These “New Century Brands” can go beyond the customer centricity school of thought – a focus on creating a positive consumer experience at and after the point of sale to differentiate from competitors which has only truly been achieved by a handful of marketers like Disney, Apple and Mini. New Century Brands help consumers achieve more and do better. Why? Today’s consumer desires a two-way relationship that demands brands be magnanimous, malleable and functional. An untapped opportunity exists for brands to act and feel different from many of those dominating the landscape today by allowing their customers to proactively take part (in the business) and become virtual owners, enabling their customers to participate in delivering the brand as a platform for action or wealth creation.

The majority of brands are not platforms for action and wealth creation, and only a phalanx of New Century Brands exist, but there are three reasons it’s now possible: Mindset, Skills and NextGen Media. Product Red’s success isn’t just a platform for action to eliminate AIDS in Africa. What’s overlooked is that its category busting business model has reinvented the approach to philanthropy by successfully combining making money with doing good, revealing that consumers and brands are now capable of collaborating at a sophisticated level, yielding brand advocacy and new kinds of demand-creation.

Today the Internet is just the plumbing. According to McKinsey & Co. two thirds of the (world’s) economy is influenced by personal recommendations and 95% of social media users believe a company should have a presence in social media. Consequently, brand Mecca’s are being created deep inside social network communities, proof that New Century Brands can be built by harnessing communities across multiple platforms to strengthen and expand products, especially as consumers increasingly move into extending the product itself. Amazon has leveraged the power of digital communities by placing consumers at the center of the brand experience. Its expanding new value pools by creating a system for recommendation based on users’ past purchases combined with user-generated content.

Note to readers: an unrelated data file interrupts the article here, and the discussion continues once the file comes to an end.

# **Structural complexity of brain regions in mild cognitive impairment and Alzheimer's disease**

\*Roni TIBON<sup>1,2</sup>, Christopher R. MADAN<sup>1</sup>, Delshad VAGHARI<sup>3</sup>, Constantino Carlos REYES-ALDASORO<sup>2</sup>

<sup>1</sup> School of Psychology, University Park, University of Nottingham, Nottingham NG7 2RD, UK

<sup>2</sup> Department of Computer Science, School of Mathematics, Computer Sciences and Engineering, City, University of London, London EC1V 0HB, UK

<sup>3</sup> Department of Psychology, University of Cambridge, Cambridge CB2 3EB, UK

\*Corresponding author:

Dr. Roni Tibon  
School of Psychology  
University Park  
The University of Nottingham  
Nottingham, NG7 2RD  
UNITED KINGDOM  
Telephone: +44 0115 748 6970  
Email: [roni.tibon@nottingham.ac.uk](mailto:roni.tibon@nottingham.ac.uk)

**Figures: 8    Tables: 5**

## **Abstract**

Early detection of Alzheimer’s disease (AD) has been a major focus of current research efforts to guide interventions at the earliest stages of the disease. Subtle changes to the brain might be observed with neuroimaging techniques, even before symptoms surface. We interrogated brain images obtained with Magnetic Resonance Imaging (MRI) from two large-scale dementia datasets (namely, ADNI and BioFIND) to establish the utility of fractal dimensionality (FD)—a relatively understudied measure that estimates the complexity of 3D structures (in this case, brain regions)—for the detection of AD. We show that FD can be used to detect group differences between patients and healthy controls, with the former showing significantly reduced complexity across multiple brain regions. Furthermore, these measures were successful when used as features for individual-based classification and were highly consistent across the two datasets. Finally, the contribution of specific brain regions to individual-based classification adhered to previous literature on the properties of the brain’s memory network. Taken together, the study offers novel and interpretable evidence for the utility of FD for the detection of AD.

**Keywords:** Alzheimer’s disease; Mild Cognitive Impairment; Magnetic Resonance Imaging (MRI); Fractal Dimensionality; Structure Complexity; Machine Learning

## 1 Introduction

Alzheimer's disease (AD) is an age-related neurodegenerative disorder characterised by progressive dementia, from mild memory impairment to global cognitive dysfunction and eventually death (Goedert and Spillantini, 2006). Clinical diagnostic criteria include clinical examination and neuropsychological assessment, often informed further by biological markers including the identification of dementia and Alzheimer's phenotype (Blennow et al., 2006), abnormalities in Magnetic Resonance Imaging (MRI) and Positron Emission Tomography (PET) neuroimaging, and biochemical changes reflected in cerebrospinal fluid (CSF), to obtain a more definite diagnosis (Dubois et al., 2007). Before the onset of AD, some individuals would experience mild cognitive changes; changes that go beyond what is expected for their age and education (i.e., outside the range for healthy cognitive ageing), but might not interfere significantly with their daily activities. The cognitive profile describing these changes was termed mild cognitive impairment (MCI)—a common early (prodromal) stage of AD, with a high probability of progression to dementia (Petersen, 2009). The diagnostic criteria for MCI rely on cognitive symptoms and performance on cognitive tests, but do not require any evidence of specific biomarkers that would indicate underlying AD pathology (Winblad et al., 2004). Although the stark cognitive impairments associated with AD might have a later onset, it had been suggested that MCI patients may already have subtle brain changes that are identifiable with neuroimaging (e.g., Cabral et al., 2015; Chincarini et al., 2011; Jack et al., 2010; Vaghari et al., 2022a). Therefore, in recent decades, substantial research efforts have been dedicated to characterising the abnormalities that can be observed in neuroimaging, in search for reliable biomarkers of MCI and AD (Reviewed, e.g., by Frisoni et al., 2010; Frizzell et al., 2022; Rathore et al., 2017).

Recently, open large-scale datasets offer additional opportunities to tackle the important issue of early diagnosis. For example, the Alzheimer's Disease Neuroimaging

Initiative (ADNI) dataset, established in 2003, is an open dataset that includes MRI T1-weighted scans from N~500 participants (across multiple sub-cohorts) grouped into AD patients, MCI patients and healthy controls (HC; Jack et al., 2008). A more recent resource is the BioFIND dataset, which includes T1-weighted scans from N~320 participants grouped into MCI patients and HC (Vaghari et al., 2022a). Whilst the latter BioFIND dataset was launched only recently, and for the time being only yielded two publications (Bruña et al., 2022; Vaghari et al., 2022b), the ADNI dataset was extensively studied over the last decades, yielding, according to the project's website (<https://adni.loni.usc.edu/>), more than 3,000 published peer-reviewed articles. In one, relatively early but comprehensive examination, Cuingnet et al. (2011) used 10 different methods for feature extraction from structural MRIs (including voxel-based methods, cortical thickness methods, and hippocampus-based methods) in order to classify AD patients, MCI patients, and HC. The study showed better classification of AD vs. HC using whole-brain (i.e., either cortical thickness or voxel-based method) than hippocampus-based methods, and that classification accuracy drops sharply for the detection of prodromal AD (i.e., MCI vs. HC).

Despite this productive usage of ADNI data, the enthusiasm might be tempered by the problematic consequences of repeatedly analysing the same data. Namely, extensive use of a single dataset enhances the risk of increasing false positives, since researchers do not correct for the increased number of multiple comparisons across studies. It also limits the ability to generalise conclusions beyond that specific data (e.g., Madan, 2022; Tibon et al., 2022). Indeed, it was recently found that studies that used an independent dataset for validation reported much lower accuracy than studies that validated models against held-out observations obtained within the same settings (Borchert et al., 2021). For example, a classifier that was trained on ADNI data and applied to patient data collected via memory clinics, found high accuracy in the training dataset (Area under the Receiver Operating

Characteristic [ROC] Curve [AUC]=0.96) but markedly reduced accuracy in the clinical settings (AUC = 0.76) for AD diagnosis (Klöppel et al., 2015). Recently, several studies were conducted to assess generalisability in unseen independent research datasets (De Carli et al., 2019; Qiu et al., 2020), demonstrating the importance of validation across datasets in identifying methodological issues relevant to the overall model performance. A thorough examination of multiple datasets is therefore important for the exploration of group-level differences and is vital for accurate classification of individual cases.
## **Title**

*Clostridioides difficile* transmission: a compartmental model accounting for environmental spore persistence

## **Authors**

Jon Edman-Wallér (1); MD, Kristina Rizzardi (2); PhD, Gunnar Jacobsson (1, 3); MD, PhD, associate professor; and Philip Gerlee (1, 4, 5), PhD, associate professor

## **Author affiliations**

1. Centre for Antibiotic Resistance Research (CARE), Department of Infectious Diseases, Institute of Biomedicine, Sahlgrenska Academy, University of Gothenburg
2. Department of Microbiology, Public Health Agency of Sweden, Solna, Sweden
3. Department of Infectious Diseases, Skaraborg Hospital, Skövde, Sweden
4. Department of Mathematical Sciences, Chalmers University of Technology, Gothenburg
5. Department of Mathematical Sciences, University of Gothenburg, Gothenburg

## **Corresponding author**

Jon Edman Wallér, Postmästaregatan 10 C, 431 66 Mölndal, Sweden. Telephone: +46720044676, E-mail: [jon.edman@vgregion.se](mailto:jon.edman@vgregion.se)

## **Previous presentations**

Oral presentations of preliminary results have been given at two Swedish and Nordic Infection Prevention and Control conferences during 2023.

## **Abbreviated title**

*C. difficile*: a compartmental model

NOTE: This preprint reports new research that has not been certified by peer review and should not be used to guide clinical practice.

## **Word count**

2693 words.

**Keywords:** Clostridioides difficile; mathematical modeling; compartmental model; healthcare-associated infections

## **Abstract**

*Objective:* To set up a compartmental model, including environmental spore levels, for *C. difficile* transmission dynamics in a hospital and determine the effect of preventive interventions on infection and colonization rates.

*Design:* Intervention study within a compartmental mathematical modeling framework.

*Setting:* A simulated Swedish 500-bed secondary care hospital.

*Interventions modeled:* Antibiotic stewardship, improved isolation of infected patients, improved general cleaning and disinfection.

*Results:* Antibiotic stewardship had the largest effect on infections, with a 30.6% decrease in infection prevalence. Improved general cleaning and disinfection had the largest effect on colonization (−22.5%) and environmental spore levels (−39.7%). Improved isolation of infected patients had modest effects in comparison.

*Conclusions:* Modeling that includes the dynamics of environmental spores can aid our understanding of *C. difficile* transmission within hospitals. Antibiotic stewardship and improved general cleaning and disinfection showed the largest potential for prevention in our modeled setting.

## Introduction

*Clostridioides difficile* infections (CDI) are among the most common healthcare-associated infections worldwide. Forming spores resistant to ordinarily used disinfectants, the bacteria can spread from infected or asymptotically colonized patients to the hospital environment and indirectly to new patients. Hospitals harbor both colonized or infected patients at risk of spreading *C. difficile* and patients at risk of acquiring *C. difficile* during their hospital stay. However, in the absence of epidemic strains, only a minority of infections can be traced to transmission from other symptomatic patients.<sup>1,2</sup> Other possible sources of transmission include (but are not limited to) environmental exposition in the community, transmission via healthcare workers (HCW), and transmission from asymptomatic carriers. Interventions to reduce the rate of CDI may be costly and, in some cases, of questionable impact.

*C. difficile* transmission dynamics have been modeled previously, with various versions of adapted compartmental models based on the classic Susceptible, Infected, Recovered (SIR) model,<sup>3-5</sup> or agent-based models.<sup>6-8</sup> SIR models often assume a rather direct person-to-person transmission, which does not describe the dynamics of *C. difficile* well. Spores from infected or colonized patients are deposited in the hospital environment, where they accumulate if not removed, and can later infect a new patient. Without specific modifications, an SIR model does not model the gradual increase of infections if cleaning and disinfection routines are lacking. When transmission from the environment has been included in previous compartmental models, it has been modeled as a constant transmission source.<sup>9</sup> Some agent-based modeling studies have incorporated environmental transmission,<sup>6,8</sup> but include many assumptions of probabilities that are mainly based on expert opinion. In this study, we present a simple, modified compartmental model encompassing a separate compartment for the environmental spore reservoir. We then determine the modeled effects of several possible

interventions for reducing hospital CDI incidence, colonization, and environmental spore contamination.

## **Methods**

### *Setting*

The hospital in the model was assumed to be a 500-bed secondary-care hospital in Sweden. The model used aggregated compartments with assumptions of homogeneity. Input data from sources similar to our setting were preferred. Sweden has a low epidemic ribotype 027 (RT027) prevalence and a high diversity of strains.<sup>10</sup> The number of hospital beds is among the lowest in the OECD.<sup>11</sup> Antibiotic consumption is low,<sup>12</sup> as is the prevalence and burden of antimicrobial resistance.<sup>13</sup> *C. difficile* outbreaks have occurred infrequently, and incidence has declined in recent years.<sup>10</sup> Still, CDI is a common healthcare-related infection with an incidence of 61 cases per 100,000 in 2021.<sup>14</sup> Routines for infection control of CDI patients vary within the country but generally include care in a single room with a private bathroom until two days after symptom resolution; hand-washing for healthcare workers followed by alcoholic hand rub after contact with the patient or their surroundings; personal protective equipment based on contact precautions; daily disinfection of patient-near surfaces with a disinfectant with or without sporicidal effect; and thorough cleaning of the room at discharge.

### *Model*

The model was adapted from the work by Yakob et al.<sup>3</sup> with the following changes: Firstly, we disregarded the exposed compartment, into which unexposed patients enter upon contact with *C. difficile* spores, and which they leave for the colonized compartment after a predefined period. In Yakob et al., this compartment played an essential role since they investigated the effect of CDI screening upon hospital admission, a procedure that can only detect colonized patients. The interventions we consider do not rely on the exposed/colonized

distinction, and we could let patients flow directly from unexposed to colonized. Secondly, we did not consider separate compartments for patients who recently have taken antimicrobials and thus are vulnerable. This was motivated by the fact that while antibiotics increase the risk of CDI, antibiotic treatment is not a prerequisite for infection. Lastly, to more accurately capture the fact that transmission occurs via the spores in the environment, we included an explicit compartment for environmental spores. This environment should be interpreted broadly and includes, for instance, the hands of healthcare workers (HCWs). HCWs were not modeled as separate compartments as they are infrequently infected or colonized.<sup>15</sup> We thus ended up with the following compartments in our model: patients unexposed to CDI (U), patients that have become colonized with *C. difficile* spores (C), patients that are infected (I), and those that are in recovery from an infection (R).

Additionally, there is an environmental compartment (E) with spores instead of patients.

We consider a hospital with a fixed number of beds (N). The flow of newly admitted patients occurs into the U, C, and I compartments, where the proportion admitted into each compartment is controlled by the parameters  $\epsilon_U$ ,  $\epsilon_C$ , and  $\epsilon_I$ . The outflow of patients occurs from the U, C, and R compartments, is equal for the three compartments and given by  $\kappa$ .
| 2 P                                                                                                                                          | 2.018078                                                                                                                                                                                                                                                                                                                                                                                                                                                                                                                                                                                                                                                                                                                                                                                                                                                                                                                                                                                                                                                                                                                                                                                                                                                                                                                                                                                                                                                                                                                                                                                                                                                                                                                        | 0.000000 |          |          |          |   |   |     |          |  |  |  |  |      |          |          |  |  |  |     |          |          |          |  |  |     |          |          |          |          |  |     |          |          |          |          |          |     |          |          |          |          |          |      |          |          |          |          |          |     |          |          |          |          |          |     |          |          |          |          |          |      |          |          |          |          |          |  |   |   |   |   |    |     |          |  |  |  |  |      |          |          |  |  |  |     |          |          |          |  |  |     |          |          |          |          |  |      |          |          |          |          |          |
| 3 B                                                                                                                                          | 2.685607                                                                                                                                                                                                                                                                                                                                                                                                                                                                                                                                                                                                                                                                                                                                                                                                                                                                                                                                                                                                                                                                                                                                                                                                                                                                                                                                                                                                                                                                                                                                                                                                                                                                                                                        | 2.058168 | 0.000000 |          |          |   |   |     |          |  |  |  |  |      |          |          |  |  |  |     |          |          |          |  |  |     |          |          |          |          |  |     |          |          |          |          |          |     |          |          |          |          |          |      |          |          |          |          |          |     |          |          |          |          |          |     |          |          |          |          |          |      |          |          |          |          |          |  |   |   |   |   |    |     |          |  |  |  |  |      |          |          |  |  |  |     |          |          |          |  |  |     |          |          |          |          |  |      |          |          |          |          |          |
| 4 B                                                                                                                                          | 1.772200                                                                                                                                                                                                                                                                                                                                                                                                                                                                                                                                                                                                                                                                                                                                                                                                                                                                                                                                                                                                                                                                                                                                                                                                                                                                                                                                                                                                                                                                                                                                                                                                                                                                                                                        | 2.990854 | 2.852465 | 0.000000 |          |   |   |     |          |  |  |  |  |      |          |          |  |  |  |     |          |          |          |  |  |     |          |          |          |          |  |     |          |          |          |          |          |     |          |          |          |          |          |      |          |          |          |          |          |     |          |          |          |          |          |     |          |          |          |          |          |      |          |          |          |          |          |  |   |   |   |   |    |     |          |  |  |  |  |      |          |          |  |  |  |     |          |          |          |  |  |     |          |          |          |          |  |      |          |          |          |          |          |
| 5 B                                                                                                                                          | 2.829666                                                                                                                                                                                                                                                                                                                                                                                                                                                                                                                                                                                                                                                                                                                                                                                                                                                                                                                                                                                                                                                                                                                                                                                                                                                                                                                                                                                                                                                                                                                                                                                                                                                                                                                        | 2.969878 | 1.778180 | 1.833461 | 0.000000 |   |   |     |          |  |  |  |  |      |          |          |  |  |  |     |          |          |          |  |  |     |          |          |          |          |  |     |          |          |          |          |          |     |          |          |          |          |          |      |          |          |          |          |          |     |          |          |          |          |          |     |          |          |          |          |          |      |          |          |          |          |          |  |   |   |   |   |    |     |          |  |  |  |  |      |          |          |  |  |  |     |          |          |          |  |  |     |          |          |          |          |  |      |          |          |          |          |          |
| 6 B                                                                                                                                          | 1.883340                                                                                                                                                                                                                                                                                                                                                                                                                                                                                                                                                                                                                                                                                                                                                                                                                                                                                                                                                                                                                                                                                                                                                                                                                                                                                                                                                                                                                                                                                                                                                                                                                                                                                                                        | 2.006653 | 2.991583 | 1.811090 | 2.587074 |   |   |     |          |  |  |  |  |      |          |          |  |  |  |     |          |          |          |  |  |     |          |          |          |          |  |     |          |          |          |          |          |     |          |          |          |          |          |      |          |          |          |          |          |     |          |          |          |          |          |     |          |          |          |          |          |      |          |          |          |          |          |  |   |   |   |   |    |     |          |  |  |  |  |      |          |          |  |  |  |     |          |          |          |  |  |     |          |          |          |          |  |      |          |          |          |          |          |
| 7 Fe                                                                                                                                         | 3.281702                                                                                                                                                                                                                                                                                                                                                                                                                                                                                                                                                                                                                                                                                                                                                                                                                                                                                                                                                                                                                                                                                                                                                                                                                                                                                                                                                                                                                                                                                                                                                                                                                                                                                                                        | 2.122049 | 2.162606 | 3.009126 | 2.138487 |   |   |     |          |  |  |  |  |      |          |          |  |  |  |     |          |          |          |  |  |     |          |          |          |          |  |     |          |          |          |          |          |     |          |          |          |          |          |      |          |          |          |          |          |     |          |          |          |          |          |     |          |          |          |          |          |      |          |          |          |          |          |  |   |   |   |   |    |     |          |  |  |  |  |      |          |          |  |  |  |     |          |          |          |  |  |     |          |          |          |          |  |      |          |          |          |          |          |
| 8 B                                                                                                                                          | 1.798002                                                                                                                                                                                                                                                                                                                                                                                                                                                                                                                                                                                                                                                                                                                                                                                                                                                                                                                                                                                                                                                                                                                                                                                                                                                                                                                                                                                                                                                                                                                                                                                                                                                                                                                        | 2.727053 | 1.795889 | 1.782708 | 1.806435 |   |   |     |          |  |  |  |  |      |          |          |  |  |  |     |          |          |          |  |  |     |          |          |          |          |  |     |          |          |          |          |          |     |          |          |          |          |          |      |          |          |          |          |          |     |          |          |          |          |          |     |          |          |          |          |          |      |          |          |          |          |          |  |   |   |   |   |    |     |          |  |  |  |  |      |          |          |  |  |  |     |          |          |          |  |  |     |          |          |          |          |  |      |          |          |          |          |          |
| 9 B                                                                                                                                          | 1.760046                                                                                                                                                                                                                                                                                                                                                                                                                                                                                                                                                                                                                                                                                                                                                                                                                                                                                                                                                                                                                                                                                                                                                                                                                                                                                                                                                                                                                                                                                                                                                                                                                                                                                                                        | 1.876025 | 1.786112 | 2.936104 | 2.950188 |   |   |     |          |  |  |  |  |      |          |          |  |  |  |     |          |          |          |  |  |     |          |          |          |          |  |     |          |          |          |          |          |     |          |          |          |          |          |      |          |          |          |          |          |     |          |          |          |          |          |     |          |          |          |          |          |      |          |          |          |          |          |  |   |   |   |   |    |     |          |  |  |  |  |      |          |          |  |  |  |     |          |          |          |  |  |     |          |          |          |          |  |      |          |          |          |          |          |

Consumers and communities are thriving online. Alas, many brands have been dilatory, reacting to customers who ask instead of demand creation by being harbingers of change. We’re witnessing a proliferation of platforms, places, systems and devices where a brand is experienced, with mobile fast becoming the newest media channel and the front-end to everything from healthcare to financial services through to package delivery systems and disaster relief.